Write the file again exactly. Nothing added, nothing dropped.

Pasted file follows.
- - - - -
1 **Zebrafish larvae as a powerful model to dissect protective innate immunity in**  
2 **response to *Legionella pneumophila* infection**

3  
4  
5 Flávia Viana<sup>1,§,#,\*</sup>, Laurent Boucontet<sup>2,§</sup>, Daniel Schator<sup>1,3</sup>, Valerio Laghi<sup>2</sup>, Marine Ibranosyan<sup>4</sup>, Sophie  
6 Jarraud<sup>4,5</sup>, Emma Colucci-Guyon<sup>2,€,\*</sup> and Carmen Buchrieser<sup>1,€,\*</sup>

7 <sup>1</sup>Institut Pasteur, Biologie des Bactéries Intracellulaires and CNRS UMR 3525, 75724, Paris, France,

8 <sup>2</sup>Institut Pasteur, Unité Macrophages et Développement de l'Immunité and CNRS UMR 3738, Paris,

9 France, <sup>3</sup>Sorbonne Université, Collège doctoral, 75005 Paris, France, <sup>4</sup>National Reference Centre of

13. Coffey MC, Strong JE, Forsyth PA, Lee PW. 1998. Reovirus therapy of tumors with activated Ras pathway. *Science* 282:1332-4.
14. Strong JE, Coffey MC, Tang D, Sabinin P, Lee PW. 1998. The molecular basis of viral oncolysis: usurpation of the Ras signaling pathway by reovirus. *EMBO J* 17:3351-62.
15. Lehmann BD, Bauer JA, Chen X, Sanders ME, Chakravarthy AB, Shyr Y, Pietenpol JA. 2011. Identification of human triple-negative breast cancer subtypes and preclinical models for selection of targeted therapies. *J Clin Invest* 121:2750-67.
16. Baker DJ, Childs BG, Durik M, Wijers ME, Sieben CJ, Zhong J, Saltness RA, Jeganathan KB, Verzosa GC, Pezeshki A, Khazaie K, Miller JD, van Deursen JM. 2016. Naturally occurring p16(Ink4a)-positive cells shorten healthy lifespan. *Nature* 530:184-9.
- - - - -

1 **Zebrafish larvae as a powerful model to dissect protective innate immunity in**  
2 **response to *Legionella pneumophila* infection**

3  
4  
5 Flávia Viana<sup>1,§,#,\*</sup>, Laurent Boucontet<sup>2,§</sup>, Daniel Schator<sup>1,3</sup>, Valerio Laghi<sup>2</sup>, Marine Ibranosyan<sup>4</sup>, Sophie  
6 Jarraud<sup>4,5</sup>, Emma Colucci-Guyon<sup>2,€,\*</sup> and Carmen Buchrieser<sup>1,€,\*</sup>

7 <sup>1</sup>Institut Pasteur, Biologie des Bactéries Intracellulaires and CNRS UMR 3525, 75724, Paris, France,

8 <sup>2</sup>Institut Pasteur, Unité Macrophages et Développement de l'Immunité and CNRS UMR 3738, Paris,

9 France, <sup>3</sup>Sorbonne Université, Collège doctoral, 75005 Paris, France, <sup>4</sup>National Reference Centre of

13. Coffey MC, Strong JE, Forsyth PA, Lee PW. 1998. Reovirus therapy of tumors with activated Ras pathway. *Science* 282:1332-4.
14. Strong JE, Coffey MC, Tang D, Sabinin P, Lee PW. 1998. The molecular basis of viral oncolysis: usurpation of the Ras signaling pathway by reovirus. *EMBO J* 17:3351-62.
15. Lehmann BD, Bauer JA, Chen X, Sanders ME, Chakravarthy AB, Shyr Y, Pietenpol JA. 2011. Identification of human triple-negative breast cancer subtypes and preclinical models for selection of targeted therapies. *J Clin Invest* 121:2750-67.
16. Baker DJ, Childs BG, Durik M, Wijers ME, Sieben CJ, Zhong J, Saltness RA, Jeganathan KB, Verzosa GC, Pezeshki A, Khazaie K, Miller JD, van Deursen JM. 2016. Naturally occurring p16(Ink4a)-positive cells shorten healthy lifespan. *Nature* 530:184-9.